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      Providing Student Entrepreneurs with the Resources to Thrive

      At the University of Oxford, we know from our incoming student surveys that approximately 20% of our students are interested in entrepreneurship, but many more than that participate in entrepreneurial activities such as idea exploration, hackathons, pitching competitions, and skills building workshops.

      17 Feb 2022 Leah Thompson, Knowledge Exchange and Impact, Enterprising Oxford

      Oxford does not have an institutional entrepreneurship unit, but instead, support is organised and delivered by a multitude of providers across the University, including faculties, departments, Oxford University Innovation, the Careers Service, the Saïd Business School, and student societies. 

      The huge array of events and activities tailored to emerging entrepreneurs is an encouraging step-change in the way that we support and educate outside of the lecture theatre, but in some senses, it is a significant challenge. A normal Michaelmas term (October-December) can see 40-60 entrepreneurship events per month available, which can be confusing to those students that are seeking consistent, focussed mentorship to get their ideas off the ground. This is in addition to all the other activities, and the normal course work as well. Finding these activities, and then finding time to attend or participate, can potentially be as much a barrier as a benefit to new entrepreneurs starting their journey.  

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      The challenge across the Arc needs to be addressed in a similar way – how do we not only nurture this entrepreneurial interest and growth in our students, but also retain them as employees and founders in our entrepreneurial ecosystem? To that end, here are several suggestions: 

      • First, we must make the ecosystem attractive to be in. Innovation districts and live-work-play models offer a variety of opportunities for not only students to develop skills and ideas, but also for larger companies to engage with a more diverse workforce. Housing, transport, and social activities are just as important as breadth of companies, and these are issues that we hear from our student entrepreneurs as they consider where their careers will take them after university.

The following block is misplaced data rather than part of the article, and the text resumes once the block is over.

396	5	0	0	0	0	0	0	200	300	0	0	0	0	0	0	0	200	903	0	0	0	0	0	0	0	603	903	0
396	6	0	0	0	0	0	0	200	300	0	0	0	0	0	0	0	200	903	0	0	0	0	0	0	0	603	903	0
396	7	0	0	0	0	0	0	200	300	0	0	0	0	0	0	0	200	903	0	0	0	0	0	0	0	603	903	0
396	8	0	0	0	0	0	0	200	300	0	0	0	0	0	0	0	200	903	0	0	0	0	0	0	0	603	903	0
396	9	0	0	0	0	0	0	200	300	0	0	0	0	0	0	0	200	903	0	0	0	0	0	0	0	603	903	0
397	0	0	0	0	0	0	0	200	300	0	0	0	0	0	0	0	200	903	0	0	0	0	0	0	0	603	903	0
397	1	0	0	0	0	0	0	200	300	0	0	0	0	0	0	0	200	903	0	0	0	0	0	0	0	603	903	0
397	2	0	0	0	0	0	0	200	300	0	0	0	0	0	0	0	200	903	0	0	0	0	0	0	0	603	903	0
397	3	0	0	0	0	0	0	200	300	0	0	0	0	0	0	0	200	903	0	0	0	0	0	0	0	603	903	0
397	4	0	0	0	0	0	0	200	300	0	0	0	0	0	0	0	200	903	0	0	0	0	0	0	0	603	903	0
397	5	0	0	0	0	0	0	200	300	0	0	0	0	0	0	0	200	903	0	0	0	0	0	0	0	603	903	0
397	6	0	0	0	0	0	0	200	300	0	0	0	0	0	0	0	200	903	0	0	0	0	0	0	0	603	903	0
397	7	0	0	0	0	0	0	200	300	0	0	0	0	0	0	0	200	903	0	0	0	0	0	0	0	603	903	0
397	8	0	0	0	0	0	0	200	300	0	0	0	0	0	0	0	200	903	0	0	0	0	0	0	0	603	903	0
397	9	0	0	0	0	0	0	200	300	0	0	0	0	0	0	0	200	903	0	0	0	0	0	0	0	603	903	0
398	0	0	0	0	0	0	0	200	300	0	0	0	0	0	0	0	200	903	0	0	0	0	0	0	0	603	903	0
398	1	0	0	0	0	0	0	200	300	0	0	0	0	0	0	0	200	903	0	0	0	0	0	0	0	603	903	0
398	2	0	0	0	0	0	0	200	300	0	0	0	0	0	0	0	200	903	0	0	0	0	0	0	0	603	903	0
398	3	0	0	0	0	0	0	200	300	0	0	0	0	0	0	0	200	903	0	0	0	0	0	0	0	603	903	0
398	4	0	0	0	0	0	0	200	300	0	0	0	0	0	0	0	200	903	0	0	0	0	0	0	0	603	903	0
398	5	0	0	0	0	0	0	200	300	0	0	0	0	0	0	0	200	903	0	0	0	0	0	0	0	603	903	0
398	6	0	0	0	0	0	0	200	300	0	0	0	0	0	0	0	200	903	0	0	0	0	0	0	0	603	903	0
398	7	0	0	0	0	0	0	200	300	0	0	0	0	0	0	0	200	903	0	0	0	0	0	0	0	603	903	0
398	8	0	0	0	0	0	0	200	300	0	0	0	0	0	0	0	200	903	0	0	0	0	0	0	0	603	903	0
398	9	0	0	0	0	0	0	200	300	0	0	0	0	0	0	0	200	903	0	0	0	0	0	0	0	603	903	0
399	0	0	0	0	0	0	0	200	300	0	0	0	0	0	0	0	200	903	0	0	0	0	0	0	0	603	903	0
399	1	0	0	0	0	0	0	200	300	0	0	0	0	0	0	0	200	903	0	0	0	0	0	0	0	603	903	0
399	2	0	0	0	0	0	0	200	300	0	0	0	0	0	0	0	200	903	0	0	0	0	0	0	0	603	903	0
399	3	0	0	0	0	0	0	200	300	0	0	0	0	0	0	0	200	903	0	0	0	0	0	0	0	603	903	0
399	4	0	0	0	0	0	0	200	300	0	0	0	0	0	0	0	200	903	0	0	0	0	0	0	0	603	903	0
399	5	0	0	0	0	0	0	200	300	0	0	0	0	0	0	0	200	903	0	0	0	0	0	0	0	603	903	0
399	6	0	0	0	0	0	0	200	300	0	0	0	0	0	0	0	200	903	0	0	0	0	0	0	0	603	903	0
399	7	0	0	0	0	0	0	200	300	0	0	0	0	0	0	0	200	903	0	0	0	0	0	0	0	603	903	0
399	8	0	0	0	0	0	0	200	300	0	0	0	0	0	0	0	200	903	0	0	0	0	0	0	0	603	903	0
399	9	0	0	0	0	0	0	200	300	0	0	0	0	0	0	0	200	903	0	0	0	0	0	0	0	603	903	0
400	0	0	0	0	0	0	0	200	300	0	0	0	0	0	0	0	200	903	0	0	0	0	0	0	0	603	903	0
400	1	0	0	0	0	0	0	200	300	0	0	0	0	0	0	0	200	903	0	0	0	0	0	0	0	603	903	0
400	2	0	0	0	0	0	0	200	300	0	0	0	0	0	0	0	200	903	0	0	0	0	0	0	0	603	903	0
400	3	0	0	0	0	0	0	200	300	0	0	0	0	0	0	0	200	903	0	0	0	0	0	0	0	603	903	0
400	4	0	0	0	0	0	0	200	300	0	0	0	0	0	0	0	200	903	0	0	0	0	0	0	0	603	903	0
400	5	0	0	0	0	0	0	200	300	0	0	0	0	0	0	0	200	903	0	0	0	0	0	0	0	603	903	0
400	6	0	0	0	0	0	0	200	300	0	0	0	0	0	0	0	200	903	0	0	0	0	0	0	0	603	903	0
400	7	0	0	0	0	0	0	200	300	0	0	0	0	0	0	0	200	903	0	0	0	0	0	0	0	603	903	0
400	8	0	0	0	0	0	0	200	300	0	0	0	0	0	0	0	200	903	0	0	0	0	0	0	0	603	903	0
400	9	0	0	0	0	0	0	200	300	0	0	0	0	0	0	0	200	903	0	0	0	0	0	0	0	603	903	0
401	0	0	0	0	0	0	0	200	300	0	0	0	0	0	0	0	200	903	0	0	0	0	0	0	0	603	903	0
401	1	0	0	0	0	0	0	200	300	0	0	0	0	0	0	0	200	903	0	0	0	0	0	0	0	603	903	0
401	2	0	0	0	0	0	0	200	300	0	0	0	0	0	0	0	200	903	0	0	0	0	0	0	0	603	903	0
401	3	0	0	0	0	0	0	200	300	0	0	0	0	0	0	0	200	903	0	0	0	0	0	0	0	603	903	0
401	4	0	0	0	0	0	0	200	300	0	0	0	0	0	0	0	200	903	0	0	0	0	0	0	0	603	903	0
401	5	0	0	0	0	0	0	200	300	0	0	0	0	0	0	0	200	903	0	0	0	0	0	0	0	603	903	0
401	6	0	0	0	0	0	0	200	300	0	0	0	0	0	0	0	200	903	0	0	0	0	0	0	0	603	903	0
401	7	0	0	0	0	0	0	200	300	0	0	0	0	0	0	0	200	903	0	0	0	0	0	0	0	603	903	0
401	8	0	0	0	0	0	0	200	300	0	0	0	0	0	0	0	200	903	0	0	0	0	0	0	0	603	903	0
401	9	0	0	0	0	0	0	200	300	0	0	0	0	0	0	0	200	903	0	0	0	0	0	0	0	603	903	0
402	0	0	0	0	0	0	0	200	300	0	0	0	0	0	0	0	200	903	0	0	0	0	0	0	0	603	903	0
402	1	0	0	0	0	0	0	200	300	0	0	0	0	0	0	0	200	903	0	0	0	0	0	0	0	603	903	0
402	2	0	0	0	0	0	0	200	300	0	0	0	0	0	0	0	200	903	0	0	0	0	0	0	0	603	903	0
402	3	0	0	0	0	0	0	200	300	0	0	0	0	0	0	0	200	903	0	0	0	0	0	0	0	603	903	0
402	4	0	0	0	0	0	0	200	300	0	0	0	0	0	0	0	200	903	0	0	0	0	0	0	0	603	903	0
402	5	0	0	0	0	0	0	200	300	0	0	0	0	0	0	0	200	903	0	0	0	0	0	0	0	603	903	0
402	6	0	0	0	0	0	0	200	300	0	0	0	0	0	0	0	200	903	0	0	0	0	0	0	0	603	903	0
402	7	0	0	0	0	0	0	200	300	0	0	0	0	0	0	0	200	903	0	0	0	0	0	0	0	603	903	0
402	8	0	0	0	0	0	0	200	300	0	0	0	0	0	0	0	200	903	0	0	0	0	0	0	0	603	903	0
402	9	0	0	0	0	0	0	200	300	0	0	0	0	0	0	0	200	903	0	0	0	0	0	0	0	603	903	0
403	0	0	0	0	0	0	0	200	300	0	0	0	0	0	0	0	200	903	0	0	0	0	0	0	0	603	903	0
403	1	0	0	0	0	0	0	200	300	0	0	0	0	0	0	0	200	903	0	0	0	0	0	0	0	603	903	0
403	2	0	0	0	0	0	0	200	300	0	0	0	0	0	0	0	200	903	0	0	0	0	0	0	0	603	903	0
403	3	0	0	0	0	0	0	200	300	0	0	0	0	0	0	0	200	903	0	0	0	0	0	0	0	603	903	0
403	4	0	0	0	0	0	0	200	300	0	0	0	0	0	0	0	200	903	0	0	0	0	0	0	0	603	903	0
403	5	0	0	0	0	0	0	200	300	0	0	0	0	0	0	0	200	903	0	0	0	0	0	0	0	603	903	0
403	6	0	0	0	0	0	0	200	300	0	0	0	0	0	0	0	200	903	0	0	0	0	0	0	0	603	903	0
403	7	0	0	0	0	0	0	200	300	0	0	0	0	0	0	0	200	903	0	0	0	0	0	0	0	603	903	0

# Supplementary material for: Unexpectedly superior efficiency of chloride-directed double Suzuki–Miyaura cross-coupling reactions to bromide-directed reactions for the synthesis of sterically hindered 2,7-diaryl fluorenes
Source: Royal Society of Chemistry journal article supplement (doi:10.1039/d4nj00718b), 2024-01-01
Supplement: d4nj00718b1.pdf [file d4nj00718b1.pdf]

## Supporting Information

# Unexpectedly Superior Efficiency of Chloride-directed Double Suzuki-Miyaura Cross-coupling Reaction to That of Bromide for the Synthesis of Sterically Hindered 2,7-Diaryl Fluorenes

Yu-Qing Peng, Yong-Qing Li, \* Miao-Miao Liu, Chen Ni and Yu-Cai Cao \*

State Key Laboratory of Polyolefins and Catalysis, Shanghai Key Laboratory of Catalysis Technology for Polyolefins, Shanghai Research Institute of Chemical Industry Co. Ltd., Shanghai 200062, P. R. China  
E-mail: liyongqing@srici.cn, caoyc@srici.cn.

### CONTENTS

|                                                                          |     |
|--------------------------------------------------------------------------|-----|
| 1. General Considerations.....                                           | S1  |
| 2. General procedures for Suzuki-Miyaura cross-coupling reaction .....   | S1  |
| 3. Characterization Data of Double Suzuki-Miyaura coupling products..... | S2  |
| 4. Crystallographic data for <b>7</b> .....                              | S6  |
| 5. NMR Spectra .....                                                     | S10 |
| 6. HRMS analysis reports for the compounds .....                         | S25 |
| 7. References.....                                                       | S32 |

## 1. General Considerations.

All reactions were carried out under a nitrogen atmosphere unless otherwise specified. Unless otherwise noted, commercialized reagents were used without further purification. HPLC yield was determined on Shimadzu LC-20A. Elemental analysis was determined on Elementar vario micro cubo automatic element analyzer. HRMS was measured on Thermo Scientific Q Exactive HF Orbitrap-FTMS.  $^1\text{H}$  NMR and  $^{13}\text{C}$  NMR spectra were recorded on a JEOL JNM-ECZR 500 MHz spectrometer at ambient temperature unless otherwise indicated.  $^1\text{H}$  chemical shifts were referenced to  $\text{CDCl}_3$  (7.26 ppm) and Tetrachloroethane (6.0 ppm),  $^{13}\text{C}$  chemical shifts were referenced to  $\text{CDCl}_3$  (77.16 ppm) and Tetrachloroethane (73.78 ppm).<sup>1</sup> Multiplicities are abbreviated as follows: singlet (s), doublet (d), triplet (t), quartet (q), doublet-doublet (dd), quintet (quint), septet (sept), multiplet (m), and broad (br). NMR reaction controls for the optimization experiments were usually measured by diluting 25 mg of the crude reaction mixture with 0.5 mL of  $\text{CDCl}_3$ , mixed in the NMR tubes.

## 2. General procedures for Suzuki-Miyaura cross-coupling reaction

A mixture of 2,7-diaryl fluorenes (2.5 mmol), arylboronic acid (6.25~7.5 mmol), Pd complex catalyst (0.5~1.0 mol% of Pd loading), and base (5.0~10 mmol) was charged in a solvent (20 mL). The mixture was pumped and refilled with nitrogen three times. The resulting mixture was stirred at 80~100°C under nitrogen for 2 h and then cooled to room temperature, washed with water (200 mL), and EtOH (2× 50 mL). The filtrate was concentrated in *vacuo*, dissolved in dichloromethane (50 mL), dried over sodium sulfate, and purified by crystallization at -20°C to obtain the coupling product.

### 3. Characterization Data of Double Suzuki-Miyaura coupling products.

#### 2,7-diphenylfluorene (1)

• Second, we must take diversity and inclusion seriously – if we do not create better opportunities for under-represented groups to participate more fully in entrepreneurial activities, we will not be able to reach our full potential as an ecosystem.  It is not and cannot be viewed as a ”one size fits all” system – by encouraging and supporting those not currently engaged, we can increase our impact and output exponentially. 
      • Third, we need to encourage successful entrepreneurs that call the Arc home to engage with entrepreneurs inside the ecosystem and seeking assistance at the embryonic stages of their journey, to act as role models and support (“entrepreneurs for entrepreneurs”). This should involve the provision of temporary space, events, mentorship, which will give some flavour to fledgling entrepreneurs about the commercial opportunities and challenges as they grow and develop. 
      • Fourth, we must connect the ecosystem – provide clear pathways and options for those who may be interested in working for startups, as well as those who want to be founders and CEOs. This could include job opportunities and networking events, and ways to matchmake emerging talent with innovative companies through sponsorship and proactive networking. 
      • Finally, we must all consciously seek “planned serendipity” to allow for chance connections and meetings to occur within a set of spaces and activities. 

      By creating an environment where the smallest opportunities can make the greatest commercial headway, we can ensure a vibrant and scientifically dynamic Arc which brings out the best from the earliest stages in enterprise.  


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